I am currently most-way through Chatwin’s seminal work, In Patagonia, which I’m reading for Kaggsy’s Bookish Ramblings and Simon at StuckInABook’s #1977Club, the biannual celebration of a particular year in literature. I hope you don’t think it’s too much of a cheat that I’m writing it up before it’s finished…
Travel writing is an interesting one for me because, with a few exceptions, I usually gravitate more to books about places I’ve already been rather than using it as inspiration for future travelling. Maybe it’s a little like wanting to read the book before you see the film, so as not to let someone else’s impressions influence your own too heavily. Although having said that, I love seeking out fictional characters in their ‘real’ locations, so I don’t know. Anyway, I’ve always felt I should read this particular Chatwin because of how important it is to the genre.
Patagonia was a place Chatwin had always wanted to visit and he ‘ran away to South America’ (to quote from his letter to Francis Wyndham) in November 1974, arriving in Patagonia a month later. In so doing, he left his role as staff writer for The Sunday Times to pursue a story that he had always wanted to write. This story eventually became In Patagonia and Chatwin himself described the book as ‘the narrative of an actual journey and a symbolic one’.
In Patagonia is definitely not a conventional travel narrative and I can see why it had the impact it did when it was published, as well as paving the way for some of the travel narratives it inspired. My copy includes an introduction by Chatwin’s biographer Nicholas Shakespeare, who says: ‘…it was in photographic terms that Chatwin preferred to describe his odyssey to his friend Colin Thubron. “I was determined to see myself as a sort of literary Cartier-Bresson going SNAP, like that. It was supposed to be a take each time.” Stay longer and the picture would fog.’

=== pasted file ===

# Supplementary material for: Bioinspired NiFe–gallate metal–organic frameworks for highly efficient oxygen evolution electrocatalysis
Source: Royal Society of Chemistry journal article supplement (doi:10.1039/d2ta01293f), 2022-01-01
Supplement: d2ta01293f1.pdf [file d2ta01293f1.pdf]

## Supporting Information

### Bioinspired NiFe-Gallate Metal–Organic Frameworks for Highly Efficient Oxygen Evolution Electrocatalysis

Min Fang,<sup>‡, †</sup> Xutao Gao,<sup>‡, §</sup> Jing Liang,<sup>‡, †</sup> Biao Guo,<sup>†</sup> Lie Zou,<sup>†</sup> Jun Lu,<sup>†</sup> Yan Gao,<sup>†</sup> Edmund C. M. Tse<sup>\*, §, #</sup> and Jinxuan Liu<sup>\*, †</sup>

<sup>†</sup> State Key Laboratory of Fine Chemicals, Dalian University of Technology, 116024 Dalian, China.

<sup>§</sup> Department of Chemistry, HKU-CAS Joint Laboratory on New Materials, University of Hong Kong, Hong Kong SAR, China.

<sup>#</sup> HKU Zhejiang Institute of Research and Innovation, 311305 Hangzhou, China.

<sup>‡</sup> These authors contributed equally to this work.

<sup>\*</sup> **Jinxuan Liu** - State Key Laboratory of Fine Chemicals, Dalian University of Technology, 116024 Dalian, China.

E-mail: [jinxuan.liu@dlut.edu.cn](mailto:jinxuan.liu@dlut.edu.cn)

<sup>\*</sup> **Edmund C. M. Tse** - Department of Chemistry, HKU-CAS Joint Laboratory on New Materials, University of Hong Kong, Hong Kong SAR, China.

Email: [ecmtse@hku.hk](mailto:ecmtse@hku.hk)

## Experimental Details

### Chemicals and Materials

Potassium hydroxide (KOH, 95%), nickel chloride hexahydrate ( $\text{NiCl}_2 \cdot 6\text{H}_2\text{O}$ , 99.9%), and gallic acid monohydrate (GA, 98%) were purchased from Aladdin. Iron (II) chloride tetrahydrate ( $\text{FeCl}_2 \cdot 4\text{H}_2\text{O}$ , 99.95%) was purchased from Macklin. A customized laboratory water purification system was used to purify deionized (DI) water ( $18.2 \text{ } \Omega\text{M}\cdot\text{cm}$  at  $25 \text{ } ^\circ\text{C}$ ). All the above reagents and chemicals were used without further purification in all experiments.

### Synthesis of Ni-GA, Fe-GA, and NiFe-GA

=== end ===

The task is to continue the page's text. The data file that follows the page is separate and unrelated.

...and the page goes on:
I can’t think of a better way to describe the book because it really is like a photo album in words not pictures. But somehow the words can’t be pinned down in quite the same way because the impression they create isn’t fixed. It’s more like a mood, which catches you in an instant but is also changeable over time. There aren’t lists of must sees; instead In Patagonia is a elaborate construction of story, impression and – occasionally, by Chatwin’s own admission – embellishment for effect. There are stories from sources Chatwin met along the way, as well as tales he purposely tracked down. It’s not always clear whether some of them are true or not, but that’s not the point. This is very definitely Chatwin’s Patagonia.
Most striking of all is that, despite the many wonderful descriptions of the landscape of Patagonia, this is primarily a book about the people Chatwin met on his travels. This is a land of exiles as well as people who have travelled from one country (sometimes generations before) and recreated it in another. Like Gaiman – a little patch of Wales transplanted to the other side of the world. There’s a sense that many of the characters in the book had their own reasons for coming to Patagonia, and that some are still searching for their promised land.
Not all the ‘snapshots’ land for me but when they do, they shine. I particularly enjoyed the chapters on Butch Cassidy, who settled in Patagonia with his share of the spoils from the Winnemucca First National Bank Robbery but refused to consider a quiet retirement. There are also lovely descriptive touches and many arresting images, like this one: ‘The ticket salesman had the face of a private drinker.’ I do struggle a little, however, with Chatwin’s reputation for entwining fact and fiction. Blurring the line in a work of non-fiction, about real people, seems less acceptable than, say, an openly fictionalised account of a real person or event. But then perhaps Chatwin wouldn’t have classed his writing as non-fiction in the conventional sense.
On the whole, I’d say I’m enjoying it, although I’d prefer to read some of his letters next to see how his ‘private’ voice compares to his public one.